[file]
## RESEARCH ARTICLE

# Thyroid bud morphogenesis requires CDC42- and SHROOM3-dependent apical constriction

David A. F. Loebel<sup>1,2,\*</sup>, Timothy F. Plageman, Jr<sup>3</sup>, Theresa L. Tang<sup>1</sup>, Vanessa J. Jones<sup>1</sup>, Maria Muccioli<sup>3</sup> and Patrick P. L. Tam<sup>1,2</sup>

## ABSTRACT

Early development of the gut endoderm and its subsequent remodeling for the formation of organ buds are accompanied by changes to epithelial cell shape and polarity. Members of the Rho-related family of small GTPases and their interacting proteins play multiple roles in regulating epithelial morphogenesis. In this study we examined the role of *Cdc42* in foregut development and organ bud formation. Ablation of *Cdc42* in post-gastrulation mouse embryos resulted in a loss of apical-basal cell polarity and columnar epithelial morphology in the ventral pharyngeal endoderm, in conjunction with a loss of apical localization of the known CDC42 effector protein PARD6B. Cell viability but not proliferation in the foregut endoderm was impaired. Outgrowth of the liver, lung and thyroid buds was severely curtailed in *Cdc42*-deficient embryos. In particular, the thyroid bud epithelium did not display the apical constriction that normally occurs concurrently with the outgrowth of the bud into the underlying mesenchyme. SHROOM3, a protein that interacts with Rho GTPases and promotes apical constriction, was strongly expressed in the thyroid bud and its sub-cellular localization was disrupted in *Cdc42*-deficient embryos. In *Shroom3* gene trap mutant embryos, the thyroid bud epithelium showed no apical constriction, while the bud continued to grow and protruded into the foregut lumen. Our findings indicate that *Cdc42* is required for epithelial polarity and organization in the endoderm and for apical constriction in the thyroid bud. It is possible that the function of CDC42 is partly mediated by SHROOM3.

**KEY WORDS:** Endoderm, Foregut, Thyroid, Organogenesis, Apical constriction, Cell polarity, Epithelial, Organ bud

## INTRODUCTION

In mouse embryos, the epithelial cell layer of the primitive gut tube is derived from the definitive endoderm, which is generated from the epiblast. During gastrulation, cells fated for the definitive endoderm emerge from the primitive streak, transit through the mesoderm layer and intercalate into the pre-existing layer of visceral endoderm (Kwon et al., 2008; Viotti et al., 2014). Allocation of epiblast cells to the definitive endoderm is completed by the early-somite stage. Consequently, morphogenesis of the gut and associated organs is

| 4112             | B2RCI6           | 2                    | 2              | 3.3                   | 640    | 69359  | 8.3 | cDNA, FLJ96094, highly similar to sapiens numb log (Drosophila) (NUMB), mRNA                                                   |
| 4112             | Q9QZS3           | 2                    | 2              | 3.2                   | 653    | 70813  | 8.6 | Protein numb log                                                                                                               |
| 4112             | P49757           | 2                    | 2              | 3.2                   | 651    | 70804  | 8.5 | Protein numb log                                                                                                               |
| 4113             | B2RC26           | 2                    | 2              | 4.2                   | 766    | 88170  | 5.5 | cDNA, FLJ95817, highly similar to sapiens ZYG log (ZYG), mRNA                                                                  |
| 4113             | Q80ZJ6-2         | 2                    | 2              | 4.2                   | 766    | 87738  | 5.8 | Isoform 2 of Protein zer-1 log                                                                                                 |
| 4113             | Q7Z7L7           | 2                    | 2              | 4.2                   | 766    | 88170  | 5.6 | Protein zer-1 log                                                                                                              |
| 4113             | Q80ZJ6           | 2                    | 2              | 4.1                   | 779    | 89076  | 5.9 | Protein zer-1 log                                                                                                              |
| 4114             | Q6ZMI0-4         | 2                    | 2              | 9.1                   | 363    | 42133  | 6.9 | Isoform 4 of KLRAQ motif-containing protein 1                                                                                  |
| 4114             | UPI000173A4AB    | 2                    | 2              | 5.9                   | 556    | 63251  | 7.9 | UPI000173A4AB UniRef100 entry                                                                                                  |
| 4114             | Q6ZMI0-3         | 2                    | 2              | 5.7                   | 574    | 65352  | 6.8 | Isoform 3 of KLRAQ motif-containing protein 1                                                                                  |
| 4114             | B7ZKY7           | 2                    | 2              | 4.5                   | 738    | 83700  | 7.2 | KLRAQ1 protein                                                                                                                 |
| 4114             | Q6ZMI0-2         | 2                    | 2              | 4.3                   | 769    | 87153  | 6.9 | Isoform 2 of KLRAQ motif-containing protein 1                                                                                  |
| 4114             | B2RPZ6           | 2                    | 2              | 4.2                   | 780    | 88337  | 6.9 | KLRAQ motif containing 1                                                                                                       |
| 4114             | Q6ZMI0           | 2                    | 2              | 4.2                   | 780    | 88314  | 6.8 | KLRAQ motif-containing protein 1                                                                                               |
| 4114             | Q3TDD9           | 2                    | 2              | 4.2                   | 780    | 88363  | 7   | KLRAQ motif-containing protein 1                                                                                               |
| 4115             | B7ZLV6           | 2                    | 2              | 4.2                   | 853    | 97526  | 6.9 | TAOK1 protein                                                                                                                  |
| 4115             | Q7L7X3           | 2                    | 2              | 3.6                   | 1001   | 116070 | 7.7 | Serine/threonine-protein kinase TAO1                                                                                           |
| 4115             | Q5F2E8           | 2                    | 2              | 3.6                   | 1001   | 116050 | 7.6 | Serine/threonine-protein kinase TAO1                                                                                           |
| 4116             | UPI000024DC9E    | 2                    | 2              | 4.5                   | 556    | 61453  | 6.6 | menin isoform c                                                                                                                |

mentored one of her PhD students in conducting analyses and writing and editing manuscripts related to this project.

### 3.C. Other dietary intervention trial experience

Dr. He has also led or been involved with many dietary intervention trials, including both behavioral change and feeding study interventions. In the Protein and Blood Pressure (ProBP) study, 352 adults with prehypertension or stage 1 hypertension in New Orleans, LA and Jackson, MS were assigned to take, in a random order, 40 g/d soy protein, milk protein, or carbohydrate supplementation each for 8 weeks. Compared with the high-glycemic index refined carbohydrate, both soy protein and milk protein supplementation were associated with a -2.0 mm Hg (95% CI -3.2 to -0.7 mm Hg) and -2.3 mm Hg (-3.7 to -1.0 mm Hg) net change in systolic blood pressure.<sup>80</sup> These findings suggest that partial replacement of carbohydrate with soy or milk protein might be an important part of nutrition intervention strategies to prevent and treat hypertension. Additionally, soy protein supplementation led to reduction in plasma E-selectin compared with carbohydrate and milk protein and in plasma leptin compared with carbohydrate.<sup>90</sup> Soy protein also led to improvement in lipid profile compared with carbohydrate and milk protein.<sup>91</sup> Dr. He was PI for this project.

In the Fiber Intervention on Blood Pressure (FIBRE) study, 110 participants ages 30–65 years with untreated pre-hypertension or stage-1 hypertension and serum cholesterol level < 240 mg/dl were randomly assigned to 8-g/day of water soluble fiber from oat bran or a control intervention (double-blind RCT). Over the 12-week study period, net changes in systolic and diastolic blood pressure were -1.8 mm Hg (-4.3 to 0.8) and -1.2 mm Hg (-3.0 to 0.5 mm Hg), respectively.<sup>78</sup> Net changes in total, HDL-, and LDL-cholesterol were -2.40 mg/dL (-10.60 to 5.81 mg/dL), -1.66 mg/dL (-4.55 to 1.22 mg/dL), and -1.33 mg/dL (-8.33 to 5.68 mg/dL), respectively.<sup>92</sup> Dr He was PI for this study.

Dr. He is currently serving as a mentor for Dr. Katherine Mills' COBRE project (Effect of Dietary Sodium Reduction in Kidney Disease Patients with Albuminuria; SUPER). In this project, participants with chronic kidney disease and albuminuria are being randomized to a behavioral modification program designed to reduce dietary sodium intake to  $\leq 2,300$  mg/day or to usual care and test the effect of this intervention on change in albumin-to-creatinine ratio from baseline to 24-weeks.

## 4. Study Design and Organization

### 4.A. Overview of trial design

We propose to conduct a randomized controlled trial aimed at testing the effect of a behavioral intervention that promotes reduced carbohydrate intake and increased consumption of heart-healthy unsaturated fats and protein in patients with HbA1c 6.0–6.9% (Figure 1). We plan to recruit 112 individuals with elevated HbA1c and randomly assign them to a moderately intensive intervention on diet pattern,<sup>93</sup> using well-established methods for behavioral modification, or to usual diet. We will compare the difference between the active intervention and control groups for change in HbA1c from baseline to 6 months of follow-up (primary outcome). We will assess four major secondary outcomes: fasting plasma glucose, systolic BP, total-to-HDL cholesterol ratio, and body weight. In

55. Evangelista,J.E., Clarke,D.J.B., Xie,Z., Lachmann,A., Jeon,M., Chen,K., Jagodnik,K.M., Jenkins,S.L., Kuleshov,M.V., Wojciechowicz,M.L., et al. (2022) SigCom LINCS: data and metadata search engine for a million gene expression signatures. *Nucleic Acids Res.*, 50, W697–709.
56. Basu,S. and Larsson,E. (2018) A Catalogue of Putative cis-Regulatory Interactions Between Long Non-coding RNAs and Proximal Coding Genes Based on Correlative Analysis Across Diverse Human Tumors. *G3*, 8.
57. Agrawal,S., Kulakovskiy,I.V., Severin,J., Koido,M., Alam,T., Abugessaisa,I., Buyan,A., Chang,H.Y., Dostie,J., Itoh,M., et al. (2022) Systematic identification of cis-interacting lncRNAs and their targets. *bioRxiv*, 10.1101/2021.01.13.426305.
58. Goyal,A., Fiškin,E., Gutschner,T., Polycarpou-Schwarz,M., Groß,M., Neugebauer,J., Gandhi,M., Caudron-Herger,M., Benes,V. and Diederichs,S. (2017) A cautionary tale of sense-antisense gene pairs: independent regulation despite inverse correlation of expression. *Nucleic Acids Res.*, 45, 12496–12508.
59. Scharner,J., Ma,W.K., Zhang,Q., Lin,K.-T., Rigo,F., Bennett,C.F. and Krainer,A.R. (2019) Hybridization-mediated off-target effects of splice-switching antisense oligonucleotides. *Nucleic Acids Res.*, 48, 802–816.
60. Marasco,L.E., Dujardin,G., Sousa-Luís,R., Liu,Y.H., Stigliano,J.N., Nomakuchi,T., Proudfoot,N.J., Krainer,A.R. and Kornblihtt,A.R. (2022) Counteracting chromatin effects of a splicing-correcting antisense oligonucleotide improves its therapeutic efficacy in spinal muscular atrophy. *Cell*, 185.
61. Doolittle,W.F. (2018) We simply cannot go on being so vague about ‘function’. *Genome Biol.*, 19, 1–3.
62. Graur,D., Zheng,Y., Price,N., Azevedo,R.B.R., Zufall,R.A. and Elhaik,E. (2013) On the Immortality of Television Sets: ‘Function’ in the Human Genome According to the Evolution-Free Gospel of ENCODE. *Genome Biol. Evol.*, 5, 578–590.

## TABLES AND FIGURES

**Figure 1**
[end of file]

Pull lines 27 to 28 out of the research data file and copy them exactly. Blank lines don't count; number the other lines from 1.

| 4116             | UPI000024DC9E    | 2                    | 2              | 4.5                   | 556    | 61453  | 6.6 | menin isoform c                                                                                                                |

mentored one of her PhD students in conducting analyses and writing and editing manuscripts related to this project.